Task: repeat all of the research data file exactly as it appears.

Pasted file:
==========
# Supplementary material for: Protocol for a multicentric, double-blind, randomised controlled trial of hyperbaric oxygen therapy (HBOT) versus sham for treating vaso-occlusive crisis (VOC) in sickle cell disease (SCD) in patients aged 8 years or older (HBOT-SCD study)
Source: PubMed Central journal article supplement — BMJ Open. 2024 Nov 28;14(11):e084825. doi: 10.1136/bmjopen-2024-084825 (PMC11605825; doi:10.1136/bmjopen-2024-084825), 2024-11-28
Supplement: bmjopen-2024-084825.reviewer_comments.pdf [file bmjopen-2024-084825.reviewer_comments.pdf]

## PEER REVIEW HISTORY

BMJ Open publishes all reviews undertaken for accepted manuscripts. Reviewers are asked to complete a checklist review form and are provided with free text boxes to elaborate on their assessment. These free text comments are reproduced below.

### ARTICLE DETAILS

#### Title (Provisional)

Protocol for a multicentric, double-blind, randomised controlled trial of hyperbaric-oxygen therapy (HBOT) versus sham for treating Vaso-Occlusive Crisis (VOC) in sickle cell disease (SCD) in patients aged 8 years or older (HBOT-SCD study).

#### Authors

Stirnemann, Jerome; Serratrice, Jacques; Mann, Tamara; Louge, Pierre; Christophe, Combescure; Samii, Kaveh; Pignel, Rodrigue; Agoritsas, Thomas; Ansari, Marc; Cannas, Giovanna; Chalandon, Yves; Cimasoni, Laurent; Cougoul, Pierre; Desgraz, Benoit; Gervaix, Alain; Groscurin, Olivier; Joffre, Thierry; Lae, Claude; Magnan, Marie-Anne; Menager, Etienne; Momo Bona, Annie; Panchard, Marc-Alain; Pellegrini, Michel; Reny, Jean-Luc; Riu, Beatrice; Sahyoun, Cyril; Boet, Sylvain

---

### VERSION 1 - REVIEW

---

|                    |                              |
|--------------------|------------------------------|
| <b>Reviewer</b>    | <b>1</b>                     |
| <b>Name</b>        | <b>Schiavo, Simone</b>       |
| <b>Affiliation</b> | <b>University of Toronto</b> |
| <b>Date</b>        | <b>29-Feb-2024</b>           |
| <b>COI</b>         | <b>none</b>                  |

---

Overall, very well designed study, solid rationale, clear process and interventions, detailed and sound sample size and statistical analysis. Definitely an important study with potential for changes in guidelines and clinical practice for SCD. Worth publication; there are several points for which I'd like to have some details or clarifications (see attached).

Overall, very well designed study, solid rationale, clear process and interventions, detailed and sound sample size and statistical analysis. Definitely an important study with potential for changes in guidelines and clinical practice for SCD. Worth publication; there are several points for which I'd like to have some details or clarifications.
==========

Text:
# Supplementary material for: Protocol for a multicentric, double-blind, randomised controlled trial of hyperbaric oxygen therapy (HBOT) versus sham for treating vaso-occlusive crisis (VOC) in sickle cell disease (SCD) in patients aged 8 years or older (HBOT-SCD study)
Source: PubMed Central journal article supplement — BMJ Open. 2024 Nov 28;14(11):e084825. doi: 10.1136/bmjopen-2024-084825 (PMC11605825; doi:10.1136/bmjopen-2024-084825), 2024-11-28
Supplement: bmjopen-2024-084825.reviewer_comments.pdf [file bmjopen-2024-084825.reviewer_comments.pdf]

## PEER REVIEW HISTORY

BMJ Open publishes all reviews undertaken for accepted manuscripts. Reviewers are asked to complete a checklist review form and are provided with free text boxes to elaborate on their assessment. These free text comments are reproduced below.

### ARTICLE DETAILS

#### Title (Provisional)

Protocol for a multicentric, double-blind, randomised controlled trial of hyperbaric-oxygen therapy (HBOT) versus sham for treating Vaso-Occlusive Crisis (VOC) in sickle cell disease (SCD) in patients aged 8 years or older (HBOT-SCD study).

#### Authors

Stirnemann, Jerome; Serratrice, Jacques; Mann, Tamara; Louge, Pierre; Christophe, Combescure; Samii, Kaveh; Pignel, Rodrigue; Agoritsas, Thomas; Ansari, Marc; Cannas, Giovanna; Chalandon, Yves; Cimasoni, Laurent; Cougoul, Pierre; Desgraz, Benoit; Gervaix, Alain; Groscurin, Olivier; Joffre, Thierry; Lae, Claude; Magnan, Marie-Anne; Menager, Etienne; Momo Bona, Annie; Panchard, Marc-Alain; Pellegrini, Michel; Reny, Jean-Luc; Riu, Beatrice; Sahyoun, Cyril; Boet, Sylvain

---

### VERSION 1 - REVIEW

---

|                    |                              |
|--------------------|------------------------------|
| <b>Reviewer</b>    | <b>1</b>                     |
| <b>Name</b>        | <b>Schiavo, Simone</b>       |
| <b>Affiliation</b> | <b>University of Toronto</b> |
| <b>Date</b>        | <b>29-Feb-2024</b>           |
| <b>COI</b>         | <b>none</b>                  |

---

Overall, very well designed study, solid rationale, clear process and interventions, detailed and sound sample size and statistical analysis. Definitely an important study with potential for changes in guidelines and clinical practice for SCD. Worth publication; there are several points for which I'd like to have some details or clarifications (see attached).

Overall, very well designed study, solid rationale, clear process and interventions, detailed and sound sample size and statistical analysis. Definitely an important study with potential for changes in guidelines and clinical practice for SCD. Worth publication; there are several points for which I'd like to have some details or clarifications.